I have really enjoyed the Pouchong teas that I’ve tried and this Grand Pouchong from Tavalon is no exception:  it is absolutely delightful.  It has a roasted nut flavor to it that is sweet and even lightly caramel-y.  Toasty!  There is a distant fruit-like flavor that vaguely resembles one might get if they were to cross a peach and a cantaloupe!  There are also hints of flower in the taste – honeysuckle, perhaps?

It is truly an intriguing, complex cup that keeps me sipping to see what else I might uncover in the layers of flavor.

I prefer Pouchong teas served hot, and this is generally true for most teas that I would categorize as complex, because those complexities are more distinguishable when the tea is hot.  As the tea cools, some of the complex nuances of the tea tends to become muted as a result of the chilling process.  So, when you really want to enjoy a tea for its many layers of flavor, drink it hot.  When you’re looking for cool, thirst-quenching refreshment, drink it iced!

This has a natural sweetness to it that I compared to caramel – and it does!  So, I do recommend tasting it before you sweeten it.  Sweetener, in my opinion, would really overwhelm this tea.  Enjoy it in it’s pristine perfection!

Pouchong from Canton Tea

Tea Information:

Leaf Type:  Pouchong  (somewhere between a green and an Oolong)

Company Description:

Other names: Baozhong Tea, Baochong, Bao Zhong Tea

For the second year running, our exclusive Pouchong from Taiwan took a gold award at the Guild of Fine Food Great Taste Awards.

This is one of our favourite teas and completely exclusive to Canton Tea Co. Grown high on the slopes of WenShan, Taipei county, by farmer Xu and his family, this award-winning Pouchong is incredibly light and refreshing with smooth floral notes and a sweet apricot finish. The locals call it a green tea, but it is actually a very lightly oxidised oolong. The big twisted leaves produce a bright yellow/green liquor that is creamy soft and delicious.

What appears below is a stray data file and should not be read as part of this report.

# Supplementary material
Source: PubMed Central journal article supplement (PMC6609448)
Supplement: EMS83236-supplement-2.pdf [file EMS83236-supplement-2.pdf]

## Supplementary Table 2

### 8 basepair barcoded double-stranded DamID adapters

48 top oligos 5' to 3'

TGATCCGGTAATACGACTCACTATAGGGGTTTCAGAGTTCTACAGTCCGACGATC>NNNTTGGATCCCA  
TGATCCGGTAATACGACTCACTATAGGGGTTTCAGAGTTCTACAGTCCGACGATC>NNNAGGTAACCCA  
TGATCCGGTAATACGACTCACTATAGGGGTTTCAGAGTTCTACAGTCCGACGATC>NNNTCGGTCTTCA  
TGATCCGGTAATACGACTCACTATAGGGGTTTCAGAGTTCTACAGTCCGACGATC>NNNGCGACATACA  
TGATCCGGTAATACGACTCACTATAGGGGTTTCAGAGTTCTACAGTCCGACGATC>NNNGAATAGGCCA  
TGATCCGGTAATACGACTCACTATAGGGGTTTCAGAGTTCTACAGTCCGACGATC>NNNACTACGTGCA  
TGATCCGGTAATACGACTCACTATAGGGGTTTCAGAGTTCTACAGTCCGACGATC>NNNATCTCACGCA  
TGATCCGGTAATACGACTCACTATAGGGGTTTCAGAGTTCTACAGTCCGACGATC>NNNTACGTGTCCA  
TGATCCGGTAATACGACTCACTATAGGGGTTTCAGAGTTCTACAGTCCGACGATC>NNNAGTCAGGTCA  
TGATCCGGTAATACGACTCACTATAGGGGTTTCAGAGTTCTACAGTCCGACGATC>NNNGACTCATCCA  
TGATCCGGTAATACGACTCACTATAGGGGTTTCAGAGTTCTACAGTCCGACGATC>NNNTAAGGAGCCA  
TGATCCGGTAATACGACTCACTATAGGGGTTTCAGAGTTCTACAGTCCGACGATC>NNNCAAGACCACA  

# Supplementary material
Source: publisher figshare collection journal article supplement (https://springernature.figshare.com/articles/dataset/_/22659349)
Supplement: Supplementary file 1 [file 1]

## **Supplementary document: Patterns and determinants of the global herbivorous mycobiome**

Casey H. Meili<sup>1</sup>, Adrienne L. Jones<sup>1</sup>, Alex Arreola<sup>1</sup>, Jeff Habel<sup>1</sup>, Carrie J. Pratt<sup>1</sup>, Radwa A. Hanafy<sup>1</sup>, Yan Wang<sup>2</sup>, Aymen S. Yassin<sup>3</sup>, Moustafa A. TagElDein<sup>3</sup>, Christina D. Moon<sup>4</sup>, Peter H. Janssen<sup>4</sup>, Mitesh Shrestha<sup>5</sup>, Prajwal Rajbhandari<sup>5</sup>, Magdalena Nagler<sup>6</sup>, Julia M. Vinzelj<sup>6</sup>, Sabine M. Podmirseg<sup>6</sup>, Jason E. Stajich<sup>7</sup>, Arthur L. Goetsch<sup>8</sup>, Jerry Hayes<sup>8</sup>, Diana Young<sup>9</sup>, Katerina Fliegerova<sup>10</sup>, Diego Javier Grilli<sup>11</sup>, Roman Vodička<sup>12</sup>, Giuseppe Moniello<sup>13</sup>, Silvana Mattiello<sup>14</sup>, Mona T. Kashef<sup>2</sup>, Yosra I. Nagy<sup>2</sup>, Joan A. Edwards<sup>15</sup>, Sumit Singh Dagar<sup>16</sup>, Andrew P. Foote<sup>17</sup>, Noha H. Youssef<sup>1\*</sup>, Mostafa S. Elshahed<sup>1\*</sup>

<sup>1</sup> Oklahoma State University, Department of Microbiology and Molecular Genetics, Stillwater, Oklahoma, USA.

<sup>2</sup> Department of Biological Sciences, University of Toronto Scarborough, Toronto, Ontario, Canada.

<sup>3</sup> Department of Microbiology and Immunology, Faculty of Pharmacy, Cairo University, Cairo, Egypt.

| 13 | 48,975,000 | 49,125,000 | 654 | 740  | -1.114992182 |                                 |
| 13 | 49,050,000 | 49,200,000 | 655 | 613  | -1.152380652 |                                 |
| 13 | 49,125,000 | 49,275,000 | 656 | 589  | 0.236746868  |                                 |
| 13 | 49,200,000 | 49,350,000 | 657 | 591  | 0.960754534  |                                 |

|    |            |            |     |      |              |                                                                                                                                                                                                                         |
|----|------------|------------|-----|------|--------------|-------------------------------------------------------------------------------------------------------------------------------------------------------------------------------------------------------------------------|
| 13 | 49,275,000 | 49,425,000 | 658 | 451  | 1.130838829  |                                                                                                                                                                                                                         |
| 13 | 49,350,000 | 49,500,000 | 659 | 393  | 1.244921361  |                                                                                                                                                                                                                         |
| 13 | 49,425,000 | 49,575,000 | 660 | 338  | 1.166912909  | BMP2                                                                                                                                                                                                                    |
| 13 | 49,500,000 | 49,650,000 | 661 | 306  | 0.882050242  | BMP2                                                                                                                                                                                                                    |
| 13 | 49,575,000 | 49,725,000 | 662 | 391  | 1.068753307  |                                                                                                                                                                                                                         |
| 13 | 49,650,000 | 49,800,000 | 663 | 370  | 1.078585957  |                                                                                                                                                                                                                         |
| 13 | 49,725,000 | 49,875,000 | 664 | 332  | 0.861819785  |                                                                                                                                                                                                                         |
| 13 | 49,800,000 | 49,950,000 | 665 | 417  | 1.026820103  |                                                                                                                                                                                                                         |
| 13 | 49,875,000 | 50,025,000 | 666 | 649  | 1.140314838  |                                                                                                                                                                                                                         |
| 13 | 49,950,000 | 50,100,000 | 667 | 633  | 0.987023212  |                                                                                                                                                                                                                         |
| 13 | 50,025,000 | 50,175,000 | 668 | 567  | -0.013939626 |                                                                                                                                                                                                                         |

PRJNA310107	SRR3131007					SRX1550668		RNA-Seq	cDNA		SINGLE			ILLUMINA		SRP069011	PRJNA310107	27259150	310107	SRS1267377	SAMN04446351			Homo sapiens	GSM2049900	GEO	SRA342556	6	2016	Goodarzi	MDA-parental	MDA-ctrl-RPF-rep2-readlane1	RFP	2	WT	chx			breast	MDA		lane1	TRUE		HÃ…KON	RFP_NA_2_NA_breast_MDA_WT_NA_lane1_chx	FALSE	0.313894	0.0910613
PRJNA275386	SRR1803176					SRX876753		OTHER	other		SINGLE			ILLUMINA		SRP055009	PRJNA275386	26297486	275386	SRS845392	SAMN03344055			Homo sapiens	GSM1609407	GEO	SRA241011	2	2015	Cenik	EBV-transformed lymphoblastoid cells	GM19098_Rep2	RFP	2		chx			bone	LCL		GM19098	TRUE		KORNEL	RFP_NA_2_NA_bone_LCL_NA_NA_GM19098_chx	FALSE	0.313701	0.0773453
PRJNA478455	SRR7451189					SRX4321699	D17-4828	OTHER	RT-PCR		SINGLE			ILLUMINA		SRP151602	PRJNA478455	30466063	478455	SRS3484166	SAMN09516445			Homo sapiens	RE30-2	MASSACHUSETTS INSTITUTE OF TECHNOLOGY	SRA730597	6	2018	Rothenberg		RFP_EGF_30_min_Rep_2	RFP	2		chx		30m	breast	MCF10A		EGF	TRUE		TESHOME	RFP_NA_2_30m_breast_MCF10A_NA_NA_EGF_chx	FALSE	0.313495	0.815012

Farmer Xu’s comments
“Every year we enter our Pouchong in the big tea competition Every year we win the top prizes!”

2009 Great Taste Awards: Two Gold Stars and 2010 Great Taste Awards: One Gold Star

Taster’s Review:

This is an extremely tasty Pouchong variety.  It has a light-to-medium body with a creamy texture (or mouthfeel) to it that is similar to the texture of whole milk.

The aroma of the tea is faintly vegetative with hints of floral notes.  The notes of vegetable and flower translate to the brewed cup – with stronger floral flavors than the vegetative notes which linger in the background.  There is even the slightest hint of a buttery flavor, not strong, but it is complementary to the vegetal note.

Particularly nice is the aftertaste – this tea imparts a delightful fruit-like taste on the tongue… the company description suggests it’s a sweet apricot flavor and I’m inclined to agree, it is quite apricot-y.

Overall the flavor of this cup is delicate, but extraordinary.  I recommend brewing it in a gaiwan to extract the most you can out of these leaves, and they’re ready for quite a few infusions – I managed seven infusions from the same measurement of leaves in my gaiwan!

This is a tea that I’d recommend to fans of green tea as well as fans of Oolong tea, because it exhibits characteristics of both of these types of tea.  It is a truly remarkable tea and worthy of a try!